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Chip shortages affecting local dealerships, customers

News Photo by Steve Schulwitz Cliff Anschuetz Chevrolet salesman Steve Jakubcin places a sold sign in a new truck on Friday. Car dealerships in the area have struggled to fill their inventories because of a global computer chip shortage. Vehicles are sold as quickly as they arrive and often never are put on display.

ALPENA — Car dealerships continue to struggle to fill their inventories, as a semiconductor chip shortage wreaks havoc on the businesses, and customers who wait weeks to receive a vehicle of their choosing.

A semiconductor chip is a tiny transistor made from silicon. They allow computers, smart phones, appliances and other electrical devices to function.

The shortage is a result of the COVID-19 pandemic, which increased demand for the personal electronics such as cell phones and laptops that the chips are used in, to the point where production could not keep pace with demand.

The display lots and showrooms at dealerships in Northeast Michigan lack the cars and trucks they do typically, but staff continues to do its best to locate vehicles, and connect them to customers seeking them, CNBC reported.

Cliff Anschuetz Chevrolet owner Bruce Anschuetz said the demand for vehicles, especially trucks, is high, and right now, there is little to choose from on site. He said the store received eight to 10 new vehicles this week, and most of them were sold to people on a waiting list.

Still, he said, things aren’t as dire as a few weeks ago, when there were no new trucks available.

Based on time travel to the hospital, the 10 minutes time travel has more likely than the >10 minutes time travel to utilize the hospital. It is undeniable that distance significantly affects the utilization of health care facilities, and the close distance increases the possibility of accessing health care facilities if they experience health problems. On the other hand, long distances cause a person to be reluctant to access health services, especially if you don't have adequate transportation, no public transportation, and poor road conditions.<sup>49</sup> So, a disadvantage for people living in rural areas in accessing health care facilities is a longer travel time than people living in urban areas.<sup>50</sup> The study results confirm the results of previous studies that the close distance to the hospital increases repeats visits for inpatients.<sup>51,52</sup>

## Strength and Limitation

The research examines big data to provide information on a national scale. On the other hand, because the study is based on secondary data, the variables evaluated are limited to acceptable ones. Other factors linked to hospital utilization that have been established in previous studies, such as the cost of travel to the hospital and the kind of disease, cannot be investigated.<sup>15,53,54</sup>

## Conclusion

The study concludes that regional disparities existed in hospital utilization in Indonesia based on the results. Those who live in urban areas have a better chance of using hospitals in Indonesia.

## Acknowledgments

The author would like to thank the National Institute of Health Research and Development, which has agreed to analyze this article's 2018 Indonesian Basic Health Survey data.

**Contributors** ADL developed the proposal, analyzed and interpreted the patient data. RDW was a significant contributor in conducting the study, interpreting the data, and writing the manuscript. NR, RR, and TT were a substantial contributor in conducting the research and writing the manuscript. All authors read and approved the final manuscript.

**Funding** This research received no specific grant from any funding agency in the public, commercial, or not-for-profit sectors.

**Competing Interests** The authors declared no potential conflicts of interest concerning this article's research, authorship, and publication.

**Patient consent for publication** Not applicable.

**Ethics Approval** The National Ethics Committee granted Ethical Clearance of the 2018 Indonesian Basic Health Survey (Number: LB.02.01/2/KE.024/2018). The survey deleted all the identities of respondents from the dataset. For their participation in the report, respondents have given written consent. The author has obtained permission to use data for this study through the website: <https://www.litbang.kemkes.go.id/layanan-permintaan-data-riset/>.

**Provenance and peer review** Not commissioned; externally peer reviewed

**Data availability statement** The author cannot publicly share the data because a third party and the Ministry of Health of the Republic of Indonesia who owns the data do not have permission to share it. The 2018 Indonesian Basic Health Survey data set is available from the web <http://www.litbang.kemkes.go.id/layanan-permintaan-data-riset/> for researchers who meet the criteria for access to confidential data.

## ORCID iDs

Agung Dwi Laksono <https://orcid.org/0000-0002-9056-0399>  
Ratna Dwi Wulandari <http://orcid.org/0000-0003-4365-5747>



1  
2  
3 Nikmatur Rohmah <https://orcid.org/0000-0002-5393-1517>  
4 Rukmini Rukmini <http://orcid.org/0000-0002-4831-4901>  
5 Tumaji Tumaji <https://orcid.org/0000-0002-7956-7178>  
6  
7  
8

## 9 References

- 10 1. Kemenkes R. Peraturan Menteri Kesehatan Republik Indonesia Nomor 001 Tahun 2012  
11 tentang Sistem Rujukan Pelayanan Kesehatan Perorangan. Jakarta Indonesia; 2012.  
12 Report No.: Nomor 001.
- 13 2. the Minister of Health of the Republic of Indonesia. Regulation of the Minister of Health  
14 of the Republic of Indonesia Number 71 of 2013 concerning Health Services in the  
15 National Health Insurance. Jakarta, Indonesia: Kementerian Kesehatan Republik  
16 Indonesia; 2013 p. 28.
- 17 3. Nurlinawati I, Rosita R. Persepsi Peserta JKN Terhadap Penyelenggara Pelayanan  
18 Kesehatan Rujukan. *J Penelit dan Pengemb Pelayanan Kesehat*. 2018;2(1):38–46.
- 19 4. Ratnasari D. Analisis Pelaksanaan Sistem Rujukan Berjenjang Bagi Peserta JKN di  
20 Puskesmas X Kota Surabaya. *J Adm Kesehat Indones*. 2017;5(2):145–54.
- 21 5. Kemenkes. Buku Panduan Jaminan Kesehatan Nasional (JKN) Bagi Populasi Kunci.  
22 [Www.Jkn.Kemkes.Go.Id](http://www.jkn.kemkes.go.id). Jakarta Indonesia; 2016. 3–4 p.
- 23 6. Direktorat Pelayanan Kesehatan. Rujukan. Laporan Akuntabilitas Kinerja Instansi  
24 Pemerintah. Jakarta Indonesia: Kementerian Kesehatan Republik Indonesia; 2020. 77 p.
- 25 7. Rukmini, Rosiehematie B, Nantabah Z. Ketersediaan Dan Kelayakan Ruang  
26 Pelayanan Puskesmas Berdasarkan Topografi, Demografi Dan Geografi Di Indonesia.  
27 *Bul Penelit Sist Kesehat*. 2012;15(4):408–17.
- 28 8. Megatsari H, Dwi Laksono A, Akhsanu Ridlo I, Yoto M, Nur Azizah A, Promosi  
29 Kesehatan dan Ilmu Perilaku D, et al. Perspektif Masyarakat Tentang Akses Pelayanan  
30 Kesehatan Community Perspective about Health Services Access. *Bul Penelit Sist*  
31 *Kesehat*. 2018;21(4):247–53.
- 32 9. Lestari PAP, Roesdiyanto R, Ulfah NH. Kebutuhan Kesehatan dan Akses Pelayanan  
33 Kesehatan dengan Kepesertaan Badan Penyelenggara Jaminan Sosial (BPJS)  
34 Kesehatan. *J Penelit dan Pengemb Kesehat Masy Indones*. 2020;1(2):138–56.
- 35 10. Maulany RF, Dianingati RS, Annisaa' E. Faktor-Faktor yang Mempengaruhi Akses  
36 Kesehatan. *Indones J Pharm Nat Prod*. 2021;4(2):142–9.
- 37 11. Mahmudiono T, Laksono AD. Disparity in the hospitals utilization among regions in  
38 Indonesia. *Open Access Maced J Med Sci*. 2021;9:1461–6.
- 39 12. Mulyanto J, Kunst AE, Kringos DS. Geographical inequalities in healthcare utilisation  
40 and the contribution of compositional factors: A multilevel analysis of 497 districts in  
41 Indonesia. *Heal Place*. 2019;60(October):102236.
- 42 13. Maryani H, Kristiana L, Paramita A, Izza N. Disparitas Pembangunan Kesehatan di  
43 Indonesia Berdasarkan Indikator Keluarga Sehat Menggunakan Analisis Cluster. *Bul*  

“The cars are all built, and they are just waiting to get the chips put in them, so it really is out of our hands,” Anschuetz said. “We’re starting to get some cars in every day, but they are selling so quickly they don’t make it out on the lot. If someone comes into the store today, and orders a new truck, they will have to wait about a month to a month and a half for it to come in.”

Doreen Hamilton, of Hubbard Lake, said she has been considering leasing a new truck for years and is ready to do so now.

The problem, she said, is she has been unable to find the type of car she wants, test drive it, and negotiate a fair price.

“It’s not the end of the world, but it is a little frustrating,” she said. “I have held off on getting a new car, and now that I’m ready I have to wait for what I want. I won’t buy one without test driving it first, so right now, I’m just waiting until I see something on the lot I like.”

Dean Arbour Ford in Alpena also has a lot that displays far fewer vehicles than normal. Salesman Steve Vam said the store hasn’t had a new truck delivered in two months, and little is known when some will arrive.

Vam said the issue isn’t demand related or from the staffing shortages around the country, but tied directly to the lack of chips needed to run the vehicles.

“We have no idea when things will begin to get better,” he said. “I think it is going to drag on, because the entire industry is only being allotted so many chips. I wish I knew when the new trucks would begin to show up, but honestly, I don’t know.”

Anschuetz said the issue is getting better every day, and he suspects shorter wait times are on the horizon.

The demand for new vehicles has also impacted the amount of used cars available. Anschuetz said because there are fewer new cars and trucks available, there are fewer trade-ins. He said some people choose not to wait to purchase or lease a new model, and settle for a slightly used one.

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